A photograph showing a brightly colored mountain range is frequently shared on social media along with the claim that it depicts the “Rainbow Mountains” in Peru:
This is a portion of Ausangate, a mountain about 6,384-meters (21,000 feet) high in the Peruvian Andes. Geologist Trevor Nace explained why this mountain displayed a variety of colors in an article published by Forbes:
The reason we see the rainbow coloration in the stratigraphic layers of the Ausangate mountain is largely due to weathering and mineralogy. Red coloration of sedimentary layers often indicates iron oxide rust as a trace mineral. Similar to how a nail will rust and turn red when oxidized, sediments that are iron rich will change when exposed to oxygen and water. This, in combination with uplift and tectonically driven crustal shortening has tilted the sedimentary layers on their side exposing stripped stratigraphic intervals.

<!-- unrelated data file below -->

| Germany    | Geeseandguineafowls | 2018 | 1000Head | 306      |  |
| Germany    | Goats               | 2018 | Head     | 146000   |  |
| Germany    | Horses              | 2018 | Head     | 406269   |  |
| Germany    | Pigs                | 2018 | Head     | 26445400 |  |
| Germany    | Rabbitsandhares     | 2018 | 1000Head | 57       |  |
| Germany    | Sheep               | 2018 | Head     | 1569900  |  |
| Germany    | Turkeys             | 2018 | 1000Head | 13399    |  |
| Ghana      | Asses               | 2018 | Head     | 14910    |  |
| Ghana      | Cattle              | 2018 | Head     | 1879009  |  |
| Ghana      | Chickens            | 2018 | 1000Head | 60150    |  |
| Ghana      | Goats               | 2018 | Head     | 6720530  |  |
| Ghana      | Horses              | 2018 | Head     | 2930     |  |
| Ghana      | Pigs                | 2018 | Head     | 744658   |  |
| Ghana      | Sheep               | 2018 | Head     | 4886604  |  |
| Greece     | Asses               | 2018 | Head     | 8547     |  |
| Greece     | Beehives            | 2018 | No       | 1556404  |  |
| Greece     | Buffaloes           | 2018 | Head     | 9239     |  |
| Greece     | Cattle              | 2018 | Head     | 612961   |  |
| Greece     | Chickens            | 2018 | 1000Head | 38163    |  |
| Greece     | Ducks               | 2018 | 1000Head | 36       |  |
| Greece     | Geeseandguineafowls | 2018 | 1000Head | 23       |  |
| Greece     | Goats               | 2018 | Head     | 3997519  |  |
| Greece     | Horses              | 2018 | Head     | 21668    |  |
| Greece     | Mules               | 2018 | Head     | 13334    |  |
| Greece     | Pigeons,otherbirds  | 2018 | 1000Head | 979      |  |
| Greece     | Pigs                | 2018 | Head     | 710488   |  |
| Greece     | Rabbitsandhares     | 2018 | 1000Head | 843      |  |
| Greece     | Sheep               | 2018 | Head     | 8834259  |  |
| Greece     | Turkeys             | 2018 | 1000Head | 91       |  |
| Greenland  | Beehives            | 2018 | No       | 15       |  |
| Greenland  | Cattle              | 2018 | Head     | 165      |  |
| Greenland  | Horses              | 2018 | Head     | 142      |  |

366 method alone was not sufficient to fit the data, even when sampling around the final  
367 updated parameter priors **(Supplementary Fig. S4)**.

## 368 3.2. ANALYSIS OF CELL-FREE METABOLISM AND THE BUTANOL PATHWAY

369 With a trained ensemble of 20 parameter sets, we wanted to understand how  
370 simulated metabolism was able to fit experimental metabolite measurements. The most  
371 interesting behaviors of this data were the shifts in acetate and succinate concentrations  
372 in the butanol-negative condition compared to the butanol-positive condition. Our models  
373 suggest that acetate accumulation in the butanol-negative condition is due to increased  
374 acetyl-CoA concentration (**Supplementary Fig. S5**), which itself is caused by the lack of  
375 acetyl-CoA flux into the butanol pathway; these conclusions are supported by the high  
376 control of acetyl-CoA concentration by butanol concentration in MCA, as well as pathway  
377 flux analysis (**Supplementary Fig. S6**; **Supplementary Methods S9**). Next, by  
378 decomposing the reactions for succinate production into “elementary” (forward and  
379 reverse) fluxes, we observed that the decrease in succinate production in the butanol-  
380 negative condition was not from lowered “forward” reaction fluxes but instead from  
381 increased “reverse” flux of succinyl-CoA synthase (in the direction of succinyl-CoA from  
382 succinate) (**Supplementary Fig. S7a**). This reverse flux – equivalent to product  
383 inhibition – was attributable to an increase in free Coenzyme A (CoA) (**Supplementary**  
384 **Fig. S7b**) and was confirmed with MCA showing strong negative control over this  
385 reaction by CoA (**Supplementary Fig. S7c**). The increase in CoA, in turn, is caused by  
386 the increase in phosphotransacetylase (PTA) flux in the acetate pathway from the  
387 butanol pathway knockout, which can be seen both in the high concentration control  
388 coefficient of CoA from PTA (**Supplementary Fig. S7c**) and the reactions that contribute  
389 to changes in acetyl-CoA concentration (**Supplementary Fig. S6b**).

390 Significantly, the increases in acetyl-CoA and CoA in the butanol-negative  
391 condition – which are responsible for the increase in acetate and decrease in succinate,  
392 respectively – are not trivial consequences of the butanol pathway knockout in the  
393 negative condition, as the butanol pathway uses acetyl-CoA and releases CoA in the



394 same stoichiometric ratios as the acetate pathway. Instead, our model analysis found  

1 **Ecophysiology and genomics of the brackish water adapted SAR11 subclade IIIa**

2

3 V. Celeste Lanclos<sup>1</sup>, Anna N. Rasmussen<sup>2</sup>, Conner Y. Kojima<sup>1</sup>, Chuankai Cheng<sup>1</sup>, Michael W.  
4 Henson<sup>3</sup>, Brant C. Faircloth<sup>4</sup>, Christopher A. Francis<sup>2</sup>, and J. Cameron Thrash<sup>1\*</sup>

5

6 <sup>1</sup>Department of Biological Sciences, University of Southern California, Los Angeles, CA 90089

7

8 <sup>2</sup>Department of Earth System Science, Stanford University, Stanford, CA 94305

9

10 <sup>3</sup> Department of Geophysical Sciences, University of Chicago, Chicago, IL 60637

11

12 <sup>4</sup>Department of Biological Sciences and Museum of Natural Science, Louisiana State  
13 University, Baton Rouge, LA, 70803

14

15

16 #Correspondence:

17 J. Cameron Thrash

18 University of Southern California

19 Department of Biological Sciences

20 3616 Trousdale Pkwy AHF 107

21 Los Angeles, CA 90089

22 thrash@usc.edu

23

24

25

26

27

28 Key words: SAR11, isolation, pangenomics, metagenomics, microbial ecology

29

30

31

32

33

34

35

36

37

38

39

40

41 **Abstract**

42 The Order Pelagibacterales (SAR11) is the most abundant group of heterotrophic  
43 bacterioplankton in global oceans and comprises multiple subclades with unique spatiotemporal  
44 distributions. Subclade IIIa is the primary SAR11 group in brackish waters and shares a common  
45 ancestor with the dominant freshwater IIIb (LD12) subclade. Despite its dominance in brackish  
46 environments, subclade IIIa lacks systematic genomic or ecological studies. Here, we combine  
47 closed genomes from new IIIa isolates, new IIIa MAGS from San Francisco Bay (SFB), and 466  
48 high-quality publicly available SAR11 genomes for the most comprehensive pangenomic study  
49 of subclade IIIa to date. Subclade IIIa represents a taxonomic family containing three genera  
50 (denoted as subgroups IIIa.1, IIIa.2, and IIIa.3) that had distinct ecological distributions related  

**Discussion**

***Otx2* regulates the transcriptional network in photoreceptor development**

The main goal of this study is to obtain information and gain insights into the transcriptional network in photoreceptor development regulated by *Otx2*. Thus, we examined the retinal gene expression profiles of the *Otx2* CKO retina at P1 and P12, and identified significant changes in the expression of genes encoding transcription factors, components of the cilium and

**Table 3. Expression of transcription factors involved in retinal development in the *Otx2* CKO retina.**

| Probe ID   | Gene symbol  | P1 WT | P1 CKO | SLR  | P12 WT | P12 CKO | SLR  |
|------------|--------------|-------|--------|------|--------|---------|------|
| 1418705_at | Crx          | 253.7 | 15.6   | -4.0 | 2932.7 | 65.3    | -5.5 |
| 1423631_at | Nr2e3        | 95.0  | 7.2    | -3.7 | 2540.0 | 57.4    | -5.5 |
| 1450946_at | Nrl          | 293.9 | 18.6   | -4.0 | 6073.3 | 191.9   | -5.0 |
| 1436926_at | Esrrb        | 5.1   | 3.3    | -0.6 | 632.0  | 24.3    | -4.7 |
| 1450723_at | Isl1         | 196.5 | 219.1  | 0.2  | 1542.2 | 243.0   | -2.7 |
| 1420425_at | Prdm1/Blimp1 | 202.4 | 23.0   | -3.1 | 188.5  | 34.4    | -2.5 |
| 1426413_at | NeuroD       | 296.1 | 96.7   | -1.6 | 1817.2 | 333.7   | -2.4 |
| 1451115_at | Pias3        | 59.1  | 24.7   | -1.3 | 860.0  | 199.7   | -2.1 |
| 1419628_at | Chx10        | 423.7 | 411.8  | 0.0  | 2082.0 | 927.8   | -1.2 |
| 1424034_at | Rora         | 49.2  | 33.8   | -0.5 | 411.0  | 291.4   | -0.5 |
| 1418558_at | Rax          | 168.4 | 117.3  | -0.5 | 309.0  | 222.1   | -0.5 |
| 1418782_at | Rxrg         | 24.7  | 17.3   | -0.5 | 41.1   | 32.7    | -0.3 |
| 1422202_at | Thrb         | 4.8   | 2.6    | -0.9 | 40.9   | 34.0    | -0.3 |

The different coloration is due to different environmental conditions and mineralogy when the sediment was originally deposited and subsequently diagenetically altered. Introduction of goethite or oxidized limonite will introduce a brownish coloration to sandstones. The bright yellow coloration could be due to iron sulphide as trace minerals within the pore cement. In addition, chlorite will often color sediments varying shades of green dependent on diagenetic history and concentration.
Although this colorful mountain range is real, this viral photograph is not an accurate depiction of Ausangate.
Here is a comparison of two images of Peru’s “Rainbow Mountains”, one showing their actual color (left) taken by Chaski Peru Trek, a company that organizes tours of the area, and the viral photograph (right) featuring the digitally enhanced colors:
Nace, Trevor. “Welcome To The Incredible Rainbow Mountains Of Peru.”
Forbes. 21 January 2017.
Zeisset, Amanda. “Hiking the Ausangate Trek in Peru.”
The Adventure Junkies. Retrieved 15 May 2017.